"The teachers diagnosed my dyslexia," says Mary. "For the first time in 10 years, I felt the cloud of confusion and ignorance that I'd been living in start to lift."

Her progress was startling. In four months, Mary's reading ability advanced from a first- to eighth-grade level. She was even flown to Washington D.C., to receive a commendation from President Lyndon Johnson for her success in the program. But when reporters asked what advice Mary, then 16, could pass on to other juvenile offenders, she snapped back, "Don't get caught."

"I was bitter and angry," Mary says. "Only a few months before, these same people had locked me up, telling me I was worthless. Now they were giving me an award. Big deal. I could've spent my life being angry, but Karen Barr helped to me see how my anger and hate were only hurting me. I learned to channel that anger into something positive."

Since Mary was slated to return to the reformatory when the program ended, Karen Barr arranged for her to stay at the university on the condition she earn her high-school equivalency diploma. The once-reluctant student studied like crazy, and in three months passed the exam.

"I was finally on my own," says Mary. Now she could move into her own apartment. But, as an insecure 17-year-old, she admits that she yearned to "love and be loved."

Just three months later, Mary got pregnant.

"My parents were upset, of course," she says, "but they stood by me."

Nine months after Iris Christine was born, Mary became pregnant again. This time, her parents were furious. Yet, despite their disapproval, they took her in during the last month of her pregnancy. Mary's blood pressure had become alarmingly high, her body bloated and heavy from the excess fluid she retained. On February 5, two days after Christopher was born, Mary had five cardiac arrests, several seizures, and a stroke.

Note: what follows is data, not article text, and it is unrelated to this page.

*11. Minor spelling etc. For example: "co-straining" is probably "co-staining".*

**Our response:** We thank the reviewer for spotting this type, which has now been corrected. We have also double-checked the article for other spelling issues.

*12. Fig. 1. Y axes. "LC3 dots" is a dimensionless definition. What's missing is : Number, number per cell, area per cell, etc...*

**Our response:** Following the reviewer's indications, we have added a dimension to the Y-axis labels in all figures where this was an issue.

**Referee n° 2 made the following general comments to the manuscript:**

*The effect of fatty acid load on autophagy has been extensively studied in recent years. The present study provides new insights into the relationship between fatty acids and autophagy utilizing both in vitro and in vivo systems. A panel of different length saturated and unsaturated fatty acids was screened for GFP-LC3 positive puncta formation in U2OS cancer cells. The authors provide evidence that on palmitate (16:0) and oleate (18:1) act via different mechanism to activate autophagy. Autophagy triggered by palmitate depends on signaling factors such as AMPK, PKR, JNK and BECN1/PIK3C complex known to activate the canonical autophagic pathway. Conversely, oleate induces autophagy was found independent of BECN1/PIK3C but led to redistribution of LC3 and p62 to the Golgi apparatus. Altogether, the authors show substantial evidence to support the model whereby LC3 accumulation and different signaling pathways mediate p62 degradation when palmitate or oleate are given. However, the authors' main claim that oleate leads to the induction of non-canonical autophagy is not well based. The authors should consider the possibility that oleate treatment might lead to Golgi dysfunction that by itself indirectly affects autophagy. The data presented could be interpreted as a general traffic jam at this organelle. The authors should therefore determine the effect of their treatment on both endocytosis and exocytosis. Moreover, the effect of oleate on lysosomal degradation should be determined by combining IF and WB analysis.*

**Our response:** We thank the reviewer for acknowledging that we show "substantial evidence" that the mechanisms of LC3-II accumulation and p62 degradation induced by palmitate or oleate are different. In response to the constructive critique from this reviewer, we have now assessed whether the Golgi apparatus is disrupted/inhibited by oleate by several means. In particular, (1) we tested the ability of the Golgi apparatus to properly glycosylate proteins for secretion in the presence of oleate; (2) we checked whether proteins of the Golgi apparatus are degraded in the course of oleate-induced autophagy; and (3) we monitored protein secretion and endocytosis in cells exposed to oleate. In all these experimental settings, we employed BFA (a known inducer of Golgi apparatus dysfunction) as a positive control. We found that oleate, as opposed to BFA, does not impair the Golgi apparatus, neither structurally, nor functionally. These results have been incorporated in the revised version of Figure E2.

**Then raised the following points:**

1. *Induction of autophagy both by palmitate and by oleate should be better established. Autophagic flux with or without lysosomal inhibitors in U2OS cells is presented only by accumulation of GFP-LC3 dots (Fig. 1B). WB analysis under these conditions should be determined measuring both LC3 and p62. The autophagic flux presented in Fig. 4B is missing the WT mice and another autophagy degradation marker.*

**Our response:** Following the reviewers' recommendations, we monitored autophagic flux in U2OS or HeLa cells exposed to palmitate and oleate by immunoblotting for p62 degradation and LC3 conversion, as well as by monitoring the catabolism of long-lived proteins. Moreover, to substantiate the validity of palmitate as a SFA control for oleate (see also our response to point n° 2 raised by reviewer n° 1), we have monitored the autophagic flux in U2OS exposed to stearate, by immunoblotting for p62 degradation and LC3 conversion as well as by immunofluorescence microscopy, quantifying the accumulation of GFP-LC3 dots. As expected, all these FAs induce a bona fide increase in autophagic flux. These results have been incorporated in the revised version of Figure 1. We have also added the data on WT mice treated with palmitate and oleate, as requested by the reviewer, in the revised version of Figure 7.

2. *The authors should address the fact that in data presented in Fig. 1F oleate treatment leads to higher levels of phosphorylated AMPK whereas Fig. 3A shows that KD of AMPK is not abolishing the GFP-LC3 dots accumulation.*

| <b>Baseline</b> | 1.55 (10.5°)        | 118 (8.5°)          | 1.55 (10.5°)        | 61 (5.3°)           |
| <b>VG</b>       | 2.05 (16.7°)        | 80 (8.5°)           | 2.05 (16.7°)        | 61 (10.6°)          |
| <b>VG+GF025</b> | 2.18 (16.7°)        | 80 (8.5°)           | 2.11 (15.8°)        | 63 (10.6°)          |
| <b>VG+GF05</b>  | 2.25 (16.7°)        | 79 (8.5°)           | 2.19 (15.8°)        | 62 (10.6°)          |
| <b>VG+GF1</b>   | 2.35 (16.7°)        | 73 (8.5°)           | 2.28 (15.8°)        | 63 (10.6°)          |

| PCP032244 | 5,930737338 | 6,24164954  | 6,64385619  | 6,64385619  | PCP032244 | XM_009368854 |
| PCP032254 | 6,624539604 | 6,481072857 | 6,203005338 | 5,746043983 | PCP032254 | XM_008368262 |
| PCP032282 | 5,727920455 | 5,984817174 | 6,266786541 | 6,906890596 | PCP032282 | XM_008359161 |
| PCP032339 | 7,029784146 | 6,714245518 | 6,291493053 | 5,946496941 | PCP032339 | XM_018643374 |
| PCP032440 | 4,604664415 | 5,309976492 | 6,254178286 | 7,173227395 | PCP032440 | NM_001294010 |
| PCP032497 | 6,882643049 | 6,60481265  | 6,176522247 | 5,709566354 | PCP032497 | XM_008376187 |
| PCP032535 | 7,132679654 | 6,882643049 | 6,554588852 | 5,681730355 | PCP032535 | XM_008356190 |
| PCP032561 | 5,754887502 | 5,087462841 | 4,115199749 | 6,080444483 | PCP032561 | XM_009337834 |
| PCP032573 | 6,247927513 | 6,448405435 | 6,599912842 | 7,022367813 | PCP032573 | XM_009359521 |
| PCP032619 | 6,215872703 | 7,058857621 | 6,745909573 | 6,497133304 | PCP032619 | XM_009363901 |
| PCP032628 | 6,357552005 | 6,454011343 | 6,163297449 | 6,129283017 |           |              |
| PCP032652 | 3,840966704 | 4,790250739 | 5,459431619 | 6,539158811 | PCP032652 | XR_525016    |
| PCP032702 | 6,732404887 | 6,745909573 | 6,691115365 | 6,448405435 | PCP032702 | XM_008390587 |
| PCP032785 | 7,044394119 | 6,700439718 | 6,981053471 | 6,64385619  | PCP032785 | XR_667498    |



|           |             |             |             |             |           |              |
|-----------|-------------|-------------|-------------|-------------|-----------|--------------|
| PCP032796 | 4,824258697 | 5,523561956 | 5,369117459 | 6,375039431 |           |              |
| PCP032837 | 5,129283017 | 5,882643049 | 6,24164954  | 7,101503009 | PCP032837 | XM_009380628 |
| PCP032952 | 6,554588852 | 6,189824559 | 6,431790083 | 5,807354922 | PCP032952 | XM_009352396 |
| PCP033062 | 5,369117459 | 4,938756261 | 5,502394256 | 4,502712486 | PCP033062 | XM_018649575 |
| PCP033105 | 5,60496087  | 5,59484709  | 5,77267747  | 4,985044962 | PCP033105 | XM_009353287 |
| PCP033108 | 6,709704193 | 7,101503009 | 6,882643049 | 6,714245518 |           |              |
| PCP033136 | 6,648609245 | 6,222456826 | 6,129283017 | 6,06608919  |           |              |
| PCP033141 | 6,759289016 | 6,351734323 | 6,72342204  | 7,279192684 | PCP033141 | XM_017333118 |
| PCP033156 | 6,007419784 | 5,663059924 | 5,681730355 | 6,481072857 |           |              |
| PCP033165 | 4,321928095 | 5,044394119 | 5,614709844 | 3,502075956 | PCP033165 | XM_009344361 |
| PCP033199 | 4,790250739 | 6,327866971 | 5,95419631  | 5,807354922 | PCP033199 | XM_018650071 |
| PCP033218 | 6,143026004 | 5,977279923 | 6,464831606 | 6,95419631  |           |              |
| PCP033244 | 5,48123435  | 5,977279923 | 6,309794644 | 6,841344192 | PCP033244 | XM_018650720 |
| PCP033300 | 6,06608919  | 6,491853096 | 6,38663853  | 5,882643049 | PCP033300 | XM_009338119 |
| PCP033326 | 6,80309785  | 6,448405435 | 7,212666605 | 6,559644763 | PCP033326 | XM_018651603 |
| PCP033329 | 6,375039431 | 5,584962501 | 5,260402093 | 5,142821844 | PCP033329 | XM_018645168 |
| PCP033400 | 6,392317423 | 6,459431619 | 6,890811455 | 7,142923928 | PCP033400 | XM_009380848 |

For eight months, she remained in the hospital. When she was discharged, she weighed only 82 pounds, compared with the 160 when she arrived, and could barely walk without clutching the walls. The stroke had left other scars. Her mind was a blank--she couldn't read, write, or talk. She'd have to start all over again.

"I just couldn't believe it," Mary says, her voice filled with exasperation. "I felt like someone was out to get me." But Mary's family wouldn't allow her to wallow in self-pity.

"You did it once," Christine Groda told her daughter. "You can do it again."

"They pulled me through," says Mary. "Every day, my dad would help me do exercises to strengthen my hands. My brothers and sisters took turns reading to me, teaching me math, spelling, science." It took nearly three years, but spunky Mary did regain all her mental and motor capabilities.

Once she could manage on her own, Mary moved out of her parents' house.